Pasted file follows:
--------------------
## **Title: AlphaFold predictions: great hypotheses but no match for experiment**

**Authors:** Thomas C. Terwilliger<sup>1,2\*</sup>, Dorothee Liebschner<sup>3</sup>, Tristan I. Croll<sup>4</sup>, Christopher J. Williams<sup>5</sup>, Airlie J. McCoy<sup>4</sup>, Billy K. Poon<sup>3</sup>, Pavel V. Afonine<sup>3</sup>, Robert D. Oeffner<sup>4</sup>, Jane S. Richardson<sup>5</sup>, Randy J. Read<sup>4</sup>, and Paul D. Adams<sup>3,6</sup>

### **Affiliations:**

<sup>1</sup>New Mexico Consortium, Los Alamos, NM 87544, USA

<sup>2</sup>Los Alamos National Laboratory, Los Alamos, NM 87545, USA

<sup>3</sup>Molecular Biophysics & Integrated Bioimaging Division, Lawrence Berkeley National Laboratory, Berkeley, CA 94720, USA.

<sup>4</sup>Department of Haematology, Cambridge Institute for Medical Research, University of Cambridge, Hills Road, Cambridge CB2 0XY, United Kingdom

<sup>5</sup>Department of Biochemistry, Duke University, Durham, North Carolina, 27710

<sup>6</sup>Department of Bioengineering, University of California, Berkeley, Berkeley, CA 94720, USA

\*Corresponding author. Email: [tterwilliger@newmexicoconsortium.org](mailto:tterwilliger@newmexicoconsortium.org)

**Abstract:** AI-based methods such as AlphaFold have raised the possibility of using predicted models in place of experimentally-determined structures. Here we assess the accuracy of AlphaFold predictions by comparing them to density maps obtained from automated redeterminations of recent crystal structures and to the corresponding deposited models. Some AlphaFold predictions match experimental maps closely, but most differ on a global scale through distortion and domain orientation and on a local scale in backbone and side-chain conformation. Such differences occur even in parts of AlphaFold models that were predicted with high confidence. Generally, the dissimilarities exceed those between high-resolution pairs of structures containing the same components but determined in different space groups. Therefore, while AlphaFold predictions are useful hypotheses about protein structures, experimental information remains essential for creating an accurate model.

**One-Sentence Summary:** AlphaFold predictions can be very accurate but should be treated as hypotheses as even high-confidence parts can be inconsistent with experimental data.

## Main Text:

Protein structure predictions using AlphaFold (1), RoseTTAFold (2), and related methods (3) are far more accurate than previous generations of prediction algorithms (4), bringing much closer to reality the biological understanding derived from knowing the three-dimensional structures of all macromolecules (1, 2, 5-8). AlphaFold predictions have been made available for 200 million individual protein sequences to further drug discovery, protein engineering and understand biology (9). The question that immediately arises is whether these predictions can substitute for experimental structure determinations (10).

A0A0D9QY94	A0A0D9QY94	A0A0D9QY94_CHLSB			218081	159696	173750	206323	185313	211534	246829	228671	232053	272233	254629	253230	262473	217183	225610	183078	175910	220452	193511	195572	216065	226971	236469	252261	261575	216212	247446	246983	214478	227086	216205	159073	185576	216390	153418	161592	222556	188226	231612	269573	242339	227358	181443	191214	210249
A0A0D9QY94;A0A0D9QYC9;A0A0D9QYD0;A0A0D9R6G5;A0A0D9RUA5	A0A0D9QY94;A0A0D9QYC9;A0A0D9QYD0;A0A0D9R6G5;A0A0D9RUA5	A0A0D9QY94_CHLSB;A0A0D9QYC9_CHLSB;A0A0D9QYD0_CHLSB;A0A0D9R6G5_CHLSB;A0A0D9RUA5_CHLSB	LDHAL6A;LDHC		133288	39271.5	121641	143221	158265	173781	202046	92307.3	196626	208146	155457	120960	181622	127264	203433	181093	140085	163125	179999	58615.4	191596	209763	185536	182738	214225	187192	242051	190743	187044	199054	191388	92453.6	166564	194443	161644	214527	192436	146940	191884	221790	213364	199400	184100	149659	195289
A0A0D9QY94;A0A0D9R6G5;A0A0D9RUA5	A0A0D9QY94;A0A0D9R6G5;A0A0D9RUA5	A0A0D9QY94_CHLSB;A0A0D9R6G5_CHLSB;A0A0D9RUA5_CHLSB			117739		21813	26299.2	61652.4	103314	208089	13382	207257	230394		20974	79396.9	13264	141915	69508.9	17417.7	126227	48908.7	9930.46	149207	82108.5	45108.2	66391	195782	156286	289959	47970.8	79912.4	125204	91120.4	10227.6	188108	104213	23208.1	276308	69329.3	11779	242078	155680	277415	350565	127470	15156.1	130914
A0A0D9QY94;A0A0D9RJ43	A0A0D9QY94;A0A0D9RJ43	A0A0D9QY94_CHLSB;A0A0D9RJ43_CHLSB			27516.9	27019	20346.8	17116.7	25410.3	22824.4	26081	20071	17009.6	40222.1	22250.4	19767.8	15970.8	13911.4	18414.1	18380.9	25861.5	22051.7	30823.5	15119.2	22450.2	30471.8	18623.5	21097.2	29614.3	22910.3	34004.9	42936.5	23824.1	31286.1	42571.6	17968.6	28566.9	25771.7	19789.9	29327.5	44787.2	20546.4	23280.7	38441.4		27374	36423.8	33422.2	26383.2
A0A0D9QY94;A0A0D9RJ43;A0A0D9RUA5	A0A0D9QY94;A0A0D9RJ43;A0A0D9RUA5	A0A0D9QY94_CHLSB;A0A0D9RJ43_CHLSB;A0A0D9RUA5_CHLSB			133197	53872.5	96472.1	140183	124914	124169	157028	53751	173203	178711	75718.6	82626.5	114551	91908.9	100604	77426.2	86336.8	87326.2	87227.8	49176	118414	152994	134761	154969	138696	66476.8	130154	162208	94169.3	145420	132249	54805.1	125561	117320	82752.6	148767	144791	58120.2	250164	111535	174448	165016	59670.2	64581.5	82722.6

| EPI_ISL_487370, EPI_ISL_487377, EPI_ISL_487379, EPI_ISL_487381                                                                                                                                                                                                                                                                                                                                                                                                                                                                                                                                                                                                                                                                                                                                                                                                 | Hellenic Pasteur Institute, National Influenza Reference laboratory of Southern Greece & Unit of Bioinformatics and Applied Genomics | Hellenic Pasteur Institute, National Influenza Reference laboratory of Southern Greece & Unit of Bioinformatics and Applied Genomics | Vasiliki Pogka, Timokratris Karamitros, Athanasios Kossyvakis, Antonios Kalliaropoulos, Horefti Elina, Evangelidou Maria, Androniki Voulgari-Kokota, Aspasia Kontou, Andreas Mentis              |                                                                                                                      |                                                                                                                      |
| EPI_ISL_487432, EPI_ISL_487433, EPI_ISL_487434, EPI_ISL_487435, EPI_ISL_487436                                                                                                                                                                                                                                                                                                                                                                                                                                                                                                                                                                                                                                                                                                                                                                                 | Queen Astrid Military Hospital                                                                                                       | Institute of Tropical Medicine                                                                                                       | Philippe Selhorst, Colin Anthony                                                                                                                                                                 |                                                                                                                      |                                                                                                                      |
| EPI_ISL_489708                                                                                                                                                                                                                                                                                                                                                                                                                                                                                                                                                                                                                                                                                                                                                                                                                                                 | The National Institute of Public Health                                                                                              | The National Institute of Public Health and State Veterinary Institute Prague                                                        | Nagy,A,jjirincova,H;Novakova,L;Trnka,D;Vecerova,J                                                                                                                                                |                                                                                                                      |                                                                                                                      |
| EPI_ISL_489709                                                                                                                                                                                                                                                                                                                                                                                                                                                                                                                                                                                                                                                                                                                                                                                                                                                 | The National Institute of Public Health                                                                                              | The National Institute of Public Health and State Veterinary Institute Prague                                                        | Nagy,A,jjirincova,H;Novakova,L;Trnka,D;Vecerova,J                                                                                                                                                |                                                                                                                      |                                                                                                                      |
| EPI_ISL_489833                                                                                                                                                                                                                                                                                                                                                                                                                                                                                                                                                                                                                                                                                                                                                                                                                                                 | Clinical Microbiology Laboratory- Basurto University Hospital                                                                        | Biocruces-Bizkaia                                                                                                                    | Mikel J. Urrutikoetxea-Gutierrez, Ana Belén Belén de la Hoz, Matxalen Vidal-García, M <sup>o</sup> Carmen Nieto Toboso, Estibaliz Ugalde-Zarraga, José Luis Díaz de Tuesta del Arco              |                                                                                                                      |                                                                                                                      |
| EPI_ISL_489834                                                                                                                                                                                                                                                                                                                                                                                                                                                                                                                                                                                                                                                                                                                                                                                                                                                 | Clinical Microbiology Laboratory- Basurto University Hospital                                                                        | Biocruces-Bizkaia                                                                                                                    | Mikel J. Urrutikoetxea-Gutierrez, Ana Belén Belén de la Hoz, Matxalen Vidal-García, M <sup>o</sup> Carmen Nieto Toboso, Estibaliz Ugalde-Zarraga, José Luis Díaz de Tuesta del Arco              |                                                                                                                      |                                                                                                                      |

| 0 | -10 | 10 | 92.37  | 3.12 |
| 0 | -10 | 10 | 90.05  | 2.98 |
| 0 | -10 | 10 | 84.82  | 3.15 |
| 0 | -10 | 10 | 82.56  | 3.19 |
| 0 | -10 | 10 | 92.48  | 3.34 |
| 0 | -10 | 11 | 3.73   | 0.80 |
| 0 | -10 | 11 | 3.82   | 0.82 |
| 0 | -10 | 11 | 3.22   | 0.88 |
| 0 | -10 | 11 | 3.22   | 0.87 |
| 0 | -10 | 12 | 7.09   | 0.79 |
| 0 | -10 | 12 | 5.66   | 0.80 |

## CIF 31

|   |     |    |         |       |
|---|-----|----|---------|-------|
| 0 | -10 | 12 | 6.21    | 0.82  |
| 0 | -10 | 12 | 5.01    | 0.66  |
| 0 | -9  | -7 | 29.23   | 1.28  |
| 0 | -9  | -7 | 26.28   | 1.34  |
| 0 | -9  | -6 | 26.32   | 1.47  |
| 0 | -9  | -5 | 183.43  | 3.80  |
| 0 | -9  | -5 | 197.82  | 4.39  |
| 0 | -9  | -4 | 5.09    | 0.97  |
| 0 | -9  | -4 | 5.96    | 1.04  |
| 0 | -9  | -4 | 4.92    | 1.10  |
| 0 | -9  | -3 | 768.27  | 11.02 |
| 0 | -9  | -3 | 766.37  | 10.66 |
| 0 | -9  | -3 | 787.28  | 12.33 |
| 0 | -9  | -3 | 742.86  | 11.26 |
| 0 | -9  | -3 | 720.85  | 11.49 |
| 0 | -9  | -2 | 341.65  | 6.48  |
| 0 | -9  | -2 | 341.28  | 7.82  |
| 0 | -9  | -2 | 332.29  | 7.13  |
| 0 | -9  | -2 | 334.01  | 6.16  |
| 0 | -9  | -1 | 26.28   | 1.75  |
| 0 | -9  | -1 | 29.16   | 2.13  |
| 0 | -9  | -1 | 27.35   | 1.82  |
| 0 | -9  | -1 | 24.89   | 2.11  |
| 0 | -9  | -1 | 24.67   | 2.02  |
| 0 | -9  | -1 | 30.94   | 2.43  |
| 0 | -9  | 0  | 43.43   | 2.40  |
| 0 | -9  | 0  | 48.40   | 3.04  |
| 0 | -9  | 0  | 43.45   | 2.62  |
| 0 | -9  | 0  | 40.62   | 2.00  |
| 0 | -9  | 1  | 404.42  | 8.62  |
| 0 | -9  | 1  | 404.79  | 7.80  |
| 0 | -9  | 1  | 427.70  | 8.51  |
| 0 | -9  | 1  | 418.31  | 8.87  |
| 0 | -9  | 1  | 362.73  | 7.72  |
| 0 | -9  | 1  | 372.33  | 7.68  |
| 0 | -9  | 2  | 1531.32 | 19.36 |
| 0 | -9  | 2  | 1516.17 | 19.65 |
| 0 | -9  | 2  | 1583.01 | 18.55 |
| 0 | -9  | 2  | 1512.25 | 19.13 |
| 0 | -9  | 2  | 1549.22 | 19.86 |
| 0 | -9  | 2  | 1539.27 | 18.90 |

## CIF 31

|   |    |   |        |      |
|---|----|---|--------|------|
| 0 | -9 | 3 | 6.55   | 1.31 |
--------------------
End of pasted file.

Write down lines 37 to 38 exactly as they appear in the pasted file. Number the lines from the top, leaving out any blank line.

## CIF 31

|   |     |    |         |       |